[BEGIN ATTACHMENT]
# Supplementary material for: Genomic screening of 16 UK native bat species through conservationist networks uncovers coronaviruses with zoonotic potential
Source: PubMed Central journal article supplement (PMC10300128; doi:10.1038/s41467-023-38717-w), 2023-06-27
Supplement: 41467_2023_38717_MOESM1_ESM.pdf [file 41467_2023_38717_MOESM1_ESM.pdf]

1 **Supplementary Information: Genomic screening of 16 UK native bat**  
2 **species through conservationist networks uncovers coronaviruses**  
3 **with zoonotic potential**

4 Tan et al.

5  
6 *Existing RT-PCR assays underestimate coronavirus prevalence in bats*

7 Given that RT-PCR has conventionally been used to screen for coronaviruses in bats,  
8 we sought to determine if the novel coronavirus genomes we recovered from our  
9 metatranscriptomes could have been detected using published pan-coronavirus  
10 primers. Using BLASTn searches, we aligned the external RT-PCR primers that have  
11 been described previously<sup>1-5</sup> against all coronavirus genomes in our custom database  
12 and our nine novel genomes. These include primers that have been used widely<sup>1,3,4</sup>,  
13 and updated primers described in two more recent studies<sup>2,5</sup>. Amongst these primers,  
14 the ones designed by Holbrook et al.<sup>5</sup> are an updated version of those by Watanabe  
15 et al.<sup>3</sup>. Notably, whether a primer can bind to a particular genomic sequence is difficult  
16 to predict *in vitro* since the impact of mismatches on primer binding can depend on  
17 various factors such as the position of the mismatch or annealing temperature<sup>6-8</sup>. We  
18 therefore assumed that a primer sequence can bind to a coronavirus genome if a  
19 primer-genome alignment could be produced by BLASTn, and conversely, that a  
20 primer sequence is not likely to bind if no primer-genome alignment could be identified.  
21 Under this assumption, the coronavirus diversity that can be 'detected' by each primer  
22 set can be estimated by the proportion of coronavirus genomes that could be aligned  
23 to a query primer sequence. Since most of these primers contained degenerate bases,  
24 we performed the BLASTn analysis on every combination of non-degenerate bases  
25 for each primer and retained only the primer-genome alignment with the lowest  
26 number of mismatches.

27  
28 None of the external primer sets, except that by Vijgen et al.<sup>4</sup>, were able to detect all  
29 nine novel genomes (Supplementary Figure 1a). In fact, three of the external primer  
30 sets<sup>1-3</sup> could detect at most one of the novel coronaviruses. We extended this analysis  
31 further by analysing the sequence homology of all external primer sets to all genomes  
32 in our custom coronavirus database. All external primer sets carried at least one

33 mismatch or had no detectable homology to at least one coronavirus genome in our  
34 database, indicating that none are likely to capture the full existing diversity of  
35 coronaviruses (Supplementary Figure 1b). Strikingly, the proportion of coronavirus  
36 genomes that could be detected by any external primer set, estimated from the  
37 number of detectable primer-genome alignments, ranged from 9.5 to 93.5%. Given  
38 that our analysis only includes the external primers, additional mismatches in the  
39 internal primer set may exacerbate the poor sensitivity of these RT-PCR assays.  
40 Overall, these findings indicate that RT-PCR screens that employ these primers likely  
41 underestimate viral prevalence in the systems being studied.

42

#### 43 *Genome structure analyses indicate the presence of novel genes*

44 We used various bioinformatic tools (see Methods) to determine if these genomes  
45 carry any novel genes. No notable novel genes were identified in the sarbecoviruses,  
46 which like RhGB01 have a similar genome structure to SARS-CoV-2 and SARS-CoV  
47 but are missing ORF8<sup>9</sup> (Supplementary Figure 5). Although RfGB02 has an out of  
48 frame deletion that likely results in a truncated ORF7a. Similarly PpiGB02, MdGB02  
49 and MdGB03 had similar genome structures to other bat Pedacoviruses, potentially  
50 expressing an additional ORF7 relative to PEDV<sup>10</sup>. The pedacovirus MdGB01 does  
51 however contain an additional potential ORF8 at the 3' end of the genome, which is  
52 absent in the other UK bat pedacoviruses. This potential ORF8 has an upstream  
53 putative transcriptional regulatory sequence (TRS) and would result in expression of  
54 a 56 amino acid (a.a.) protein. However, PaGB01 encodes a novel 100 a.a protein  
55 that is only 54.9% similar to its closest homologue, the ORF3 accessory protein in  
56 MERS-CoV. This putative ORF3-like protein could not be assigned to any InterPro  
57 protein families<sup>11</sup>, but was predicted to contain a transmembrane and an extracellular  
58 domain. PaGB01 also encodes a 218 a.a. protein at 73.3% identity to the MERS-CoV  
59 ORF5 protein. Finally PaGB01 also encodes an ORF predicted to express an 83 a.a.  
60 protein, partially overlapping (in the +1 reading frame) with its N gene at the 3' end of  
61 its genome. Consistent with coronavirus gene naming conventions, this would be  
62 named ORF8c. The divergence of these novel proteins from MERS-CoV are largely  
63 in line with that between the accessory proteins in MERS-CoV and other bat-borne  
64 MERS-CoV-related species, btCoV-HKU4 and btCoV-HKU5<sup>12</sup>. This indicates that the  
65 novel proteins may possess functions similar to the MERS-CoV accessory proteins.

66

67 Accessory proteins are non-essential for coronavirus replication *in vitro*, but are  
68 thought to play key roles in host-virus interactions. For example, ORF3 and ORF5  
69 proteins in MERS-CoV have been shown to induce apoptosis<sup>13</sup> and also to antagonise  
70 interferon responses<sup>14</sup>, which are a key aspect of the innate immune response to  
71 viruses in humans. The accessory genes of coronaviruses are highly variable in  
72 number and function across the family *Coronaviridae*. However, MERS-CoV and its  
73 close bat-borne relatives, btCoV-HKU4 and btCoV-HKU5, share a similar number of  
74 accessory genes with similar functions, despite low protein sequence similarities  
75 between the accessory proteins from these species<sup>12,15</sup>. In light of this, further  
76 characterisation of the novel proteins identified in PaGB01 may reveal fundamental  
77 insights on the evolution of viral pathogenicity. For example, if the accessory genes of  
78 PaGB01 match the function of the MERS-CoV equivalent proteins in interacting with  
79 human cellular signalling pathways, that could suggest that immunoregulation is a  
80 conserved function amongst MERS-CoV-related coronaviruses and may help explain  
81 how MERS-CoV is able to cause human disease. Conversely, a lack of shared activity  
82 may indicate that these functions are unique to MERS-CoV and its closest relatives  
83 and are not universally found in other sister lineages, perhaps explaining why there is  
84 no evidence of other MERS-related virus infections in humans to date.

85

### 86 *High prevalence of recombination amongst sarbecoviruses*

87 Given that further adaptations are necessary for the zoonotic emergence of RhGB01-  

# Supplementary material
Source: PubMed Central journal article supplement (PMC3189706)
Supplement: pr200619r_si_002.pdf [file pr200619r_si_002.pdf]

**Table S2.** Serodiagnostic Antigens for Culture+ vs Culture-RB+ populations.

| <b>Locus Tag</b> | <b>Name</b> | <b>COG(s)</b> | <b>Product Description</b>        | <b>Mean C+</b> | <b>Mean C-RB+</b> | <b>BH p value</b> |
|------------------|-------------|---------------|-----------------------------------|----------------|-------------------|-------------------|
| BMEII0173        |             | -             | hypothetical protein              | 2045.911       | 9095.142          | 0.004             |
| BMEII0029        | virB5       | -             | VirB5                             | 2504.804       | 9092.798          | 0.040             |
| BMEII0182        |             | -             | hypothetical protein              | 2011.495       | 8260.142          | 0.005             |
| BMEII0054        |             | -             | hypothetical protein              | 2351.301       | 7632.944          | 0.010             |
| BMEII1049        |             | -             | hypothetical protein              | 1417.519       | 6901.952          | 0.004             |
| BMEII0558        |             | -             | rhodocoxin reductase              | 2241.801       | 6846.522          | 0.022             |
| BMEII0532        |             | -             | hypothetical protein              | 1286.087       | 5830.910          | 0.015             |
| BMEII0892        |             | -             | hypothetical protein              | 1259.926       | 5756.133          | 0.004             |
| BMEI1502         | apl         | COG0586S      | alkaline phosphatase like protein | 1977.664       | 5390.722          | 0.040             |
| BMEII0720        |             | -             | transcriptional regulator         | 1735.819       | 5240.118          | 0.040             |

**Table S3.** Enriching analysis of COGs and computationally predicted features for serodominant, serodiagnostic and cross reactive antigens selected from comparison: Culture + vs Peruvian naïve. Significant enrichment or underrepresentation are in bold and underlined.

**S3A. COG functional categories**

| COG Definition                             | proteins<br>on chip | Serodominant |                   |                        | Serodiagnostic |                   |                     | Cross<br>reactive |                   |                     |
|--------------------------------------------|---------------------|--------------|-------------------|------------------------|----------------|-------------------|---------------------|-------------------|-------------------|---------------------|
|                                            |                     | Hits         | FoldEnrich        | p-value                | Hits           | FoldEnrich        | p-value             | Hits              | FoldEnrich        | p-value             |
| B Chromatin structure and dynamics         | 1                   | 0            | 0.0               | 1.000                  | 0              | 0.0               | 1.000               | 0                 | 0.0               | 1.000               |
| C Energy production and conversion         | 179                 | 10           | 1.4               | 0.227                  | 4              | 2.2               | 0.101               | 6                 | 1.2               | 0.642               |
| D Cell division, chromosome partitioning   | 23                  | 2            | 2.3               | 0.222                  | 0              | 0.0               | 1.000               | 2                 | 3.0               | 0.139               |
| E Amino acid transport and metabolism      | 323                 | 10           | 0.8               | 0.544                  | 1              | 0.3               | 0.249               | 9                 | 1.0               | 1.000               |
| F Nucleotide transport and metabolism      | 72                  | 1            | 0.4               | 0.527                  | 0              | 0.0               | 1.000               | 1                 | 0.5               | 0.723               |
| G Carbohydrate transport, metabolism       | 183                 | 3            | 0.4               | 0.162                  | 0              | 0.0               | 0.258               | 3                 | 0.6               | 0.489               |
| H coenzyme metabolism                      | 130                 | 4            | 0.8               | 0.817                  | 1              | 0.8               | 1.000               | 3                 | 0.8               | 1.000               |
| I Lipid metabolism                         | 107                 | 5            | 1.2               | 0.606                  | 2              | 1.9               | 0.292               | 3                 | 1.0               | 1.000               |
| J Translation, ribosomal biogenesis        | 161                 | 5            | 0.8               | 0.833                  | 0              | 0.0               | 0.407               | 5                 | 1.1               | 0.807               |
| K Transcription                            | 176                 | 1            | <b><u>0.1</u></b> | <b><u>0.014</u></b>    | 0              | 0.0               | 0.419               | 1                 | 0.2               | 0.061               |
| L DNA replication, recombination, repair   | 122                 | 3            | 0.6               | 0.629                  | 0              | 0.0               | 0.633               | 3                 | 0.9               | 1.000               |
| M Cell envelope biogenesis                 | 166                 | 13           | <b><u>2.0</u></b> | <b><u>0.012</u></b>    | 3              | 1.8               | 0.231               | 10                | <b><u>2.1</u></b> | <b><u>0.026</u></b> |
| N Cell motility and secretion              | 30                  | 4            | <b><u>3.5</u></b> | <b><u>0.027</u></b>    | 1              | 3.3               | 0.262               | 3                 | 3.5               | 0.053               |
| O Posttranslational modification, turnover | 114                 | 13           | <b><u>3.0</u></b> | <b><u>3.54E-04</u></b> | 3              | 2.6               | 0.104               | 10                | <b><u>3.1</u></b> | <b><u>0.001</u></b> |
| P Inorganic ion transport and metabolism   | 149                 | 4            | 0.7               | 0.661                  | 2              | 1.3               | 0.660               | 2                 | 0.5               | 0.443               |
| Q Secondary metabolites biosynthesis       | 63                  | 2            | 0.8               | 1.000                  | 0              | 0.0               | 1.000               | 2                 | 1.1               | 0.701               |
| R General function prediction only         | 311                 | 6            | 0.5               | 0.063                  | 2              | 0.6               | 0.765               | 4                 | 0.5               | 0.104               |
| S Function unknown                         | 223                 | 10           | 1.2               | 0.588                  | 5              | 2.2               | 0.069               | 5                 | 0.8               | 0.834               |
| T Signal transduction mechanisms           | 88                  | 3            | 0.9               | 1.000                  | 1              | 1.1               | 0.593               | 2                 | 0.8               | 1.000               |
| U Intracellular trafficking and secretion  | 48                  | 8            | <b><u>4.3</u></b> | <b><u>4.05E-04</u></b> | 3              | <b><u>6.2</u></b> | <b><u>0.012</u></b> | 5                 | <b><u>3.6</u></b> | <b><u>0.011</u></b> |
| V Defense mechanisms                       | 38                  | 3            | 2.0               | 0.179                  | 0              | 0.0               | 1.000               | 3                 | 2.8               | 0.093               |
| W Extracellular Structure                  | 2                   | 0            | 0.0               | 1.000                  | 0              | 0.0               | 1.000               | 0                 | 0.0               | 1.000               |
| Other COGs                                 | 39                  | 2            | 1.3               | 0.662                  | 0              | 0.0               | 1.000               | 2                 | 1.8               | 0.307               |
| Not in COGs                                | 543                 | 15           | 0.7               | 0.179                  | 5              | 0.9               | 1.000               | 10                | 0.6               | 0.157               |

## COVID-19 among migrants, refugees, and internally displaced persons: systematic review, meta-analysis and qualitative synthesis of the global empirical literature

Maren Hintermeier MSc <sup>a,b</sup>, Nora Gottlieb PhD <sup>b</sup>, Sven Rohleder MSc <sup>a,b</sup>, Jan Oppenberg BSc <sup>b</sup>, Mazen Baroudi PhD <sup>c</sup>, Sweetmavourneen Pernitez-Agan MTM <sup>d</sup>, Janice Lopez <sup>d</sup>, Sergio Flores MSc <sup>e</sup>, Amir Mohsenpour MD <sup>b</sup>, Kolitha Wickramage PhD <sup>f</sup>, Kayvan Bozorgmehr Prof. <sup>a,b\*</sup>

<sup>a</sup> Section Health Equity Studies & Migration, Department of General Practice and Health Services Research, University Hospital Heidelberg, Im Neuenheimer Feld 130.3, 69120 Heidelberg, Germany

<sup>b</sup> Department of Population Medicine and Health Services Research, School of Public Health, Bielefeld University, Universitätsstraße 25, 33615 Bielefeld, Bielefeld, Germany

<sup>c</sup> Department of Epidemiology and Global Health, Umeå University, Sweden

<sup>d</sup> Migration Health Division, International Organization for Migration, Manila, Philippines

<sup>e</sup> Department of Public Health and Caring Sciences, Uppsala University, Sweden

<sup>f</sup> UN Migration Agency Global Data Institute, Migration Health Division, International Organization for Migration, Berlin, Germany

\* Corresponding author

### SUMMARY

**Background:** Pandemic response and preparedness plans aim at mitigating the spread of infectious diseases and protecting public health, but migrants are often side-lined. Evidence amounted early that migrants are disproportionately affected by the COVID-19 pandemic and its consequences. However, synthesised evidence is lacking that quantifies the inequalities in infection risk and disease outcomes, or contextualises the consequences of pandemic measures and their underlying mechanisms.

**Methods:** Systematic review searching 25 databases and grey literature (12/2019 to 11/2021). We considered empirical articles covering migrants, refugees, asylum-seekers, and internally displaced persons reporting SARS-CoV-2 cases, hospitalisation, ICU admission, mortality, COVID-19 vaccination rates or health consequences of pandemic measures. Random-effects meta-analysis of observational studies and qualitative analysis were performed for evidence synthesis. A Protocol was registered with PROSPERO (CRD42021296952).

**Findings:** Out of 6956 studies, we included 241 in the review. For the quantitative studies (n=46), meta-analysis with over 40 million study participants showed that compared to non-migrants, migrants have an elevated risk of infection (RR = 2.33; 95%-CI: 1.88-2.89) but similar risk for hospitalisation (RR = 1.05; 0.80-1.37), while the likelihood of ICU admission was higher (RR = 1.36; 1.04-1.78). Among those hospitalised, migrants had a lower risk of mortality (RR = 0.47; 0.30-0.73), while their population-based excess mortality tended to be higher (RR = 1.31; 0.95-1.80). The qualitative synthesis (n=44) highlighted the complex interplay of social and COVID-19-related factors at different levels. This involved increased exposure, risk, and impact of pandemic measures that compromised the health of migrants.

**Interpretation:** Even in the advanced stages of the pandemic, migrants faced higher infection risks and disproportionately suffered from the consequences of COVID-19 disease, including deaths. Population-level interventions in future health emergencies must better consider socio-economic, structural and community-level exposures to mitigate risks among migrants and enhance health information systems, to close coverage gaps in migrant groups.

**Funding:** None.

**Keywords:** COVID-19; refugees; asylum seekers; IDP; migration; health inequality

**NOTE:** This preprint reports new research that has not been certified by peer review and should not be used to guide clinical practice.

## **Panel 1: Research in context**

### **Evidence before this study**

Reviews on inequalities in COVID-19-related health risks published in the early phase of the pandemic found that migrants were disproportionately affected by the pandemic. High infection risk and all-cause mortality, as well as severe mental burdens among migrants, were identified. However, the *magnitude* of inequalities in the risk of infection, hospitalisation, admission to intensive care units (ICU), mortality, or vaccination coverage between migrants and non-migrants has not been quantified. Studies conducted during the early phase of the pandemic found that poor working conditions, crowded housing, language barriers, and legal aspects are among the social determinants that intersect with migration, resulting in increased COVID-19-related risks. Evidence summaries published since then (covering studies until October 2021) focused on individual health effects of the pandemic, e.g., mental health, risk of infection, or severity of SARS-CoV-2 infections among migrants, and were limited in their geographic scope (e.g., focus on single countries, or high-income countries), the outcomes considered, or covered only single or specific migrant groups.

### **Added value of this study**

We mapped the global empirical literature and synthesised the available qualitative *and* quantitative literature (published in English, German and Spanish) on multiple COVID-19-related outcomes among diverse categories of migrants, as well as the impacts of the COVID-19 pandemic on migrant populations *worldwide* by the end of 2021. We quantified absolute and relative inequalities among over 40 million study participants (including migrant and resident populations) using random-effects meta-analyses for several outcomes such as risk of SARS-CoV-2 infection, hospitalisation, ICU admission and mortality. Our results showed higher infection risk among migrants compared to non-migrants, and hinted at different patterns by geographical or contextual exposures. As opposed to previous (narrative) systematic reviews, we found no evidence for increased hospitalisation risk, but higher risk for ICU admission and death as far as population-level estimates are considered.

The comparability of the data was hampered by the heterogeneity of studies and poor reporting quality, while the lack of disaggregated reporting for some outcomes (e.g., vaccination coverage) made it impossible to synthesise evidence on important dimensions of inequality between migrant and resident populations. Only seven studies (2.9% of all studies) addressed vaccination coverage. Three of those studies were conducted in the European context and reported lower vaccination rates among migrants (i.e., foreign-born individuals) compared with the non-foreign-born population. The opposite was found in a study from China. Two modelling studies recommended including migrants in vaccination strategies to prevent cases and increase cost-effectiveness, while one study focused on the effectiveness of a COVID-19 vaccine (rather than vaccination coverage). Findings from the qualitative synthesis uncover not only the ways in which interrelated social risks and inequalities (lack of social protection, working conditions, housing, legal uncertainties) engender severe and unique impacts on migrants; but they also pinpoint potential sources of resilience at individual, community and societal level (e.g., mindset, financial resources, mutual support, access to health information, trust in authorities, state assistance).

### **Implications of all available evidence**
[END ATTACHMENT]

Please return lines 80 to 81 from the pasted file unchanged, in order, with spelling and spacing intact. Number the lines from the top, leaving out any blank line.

77 insights on the evolution of viral pathogenicity. For example, if the accessory genes of  
78 PaGB01 match the function of the MERS-CoV equivalent proteins in interacting with  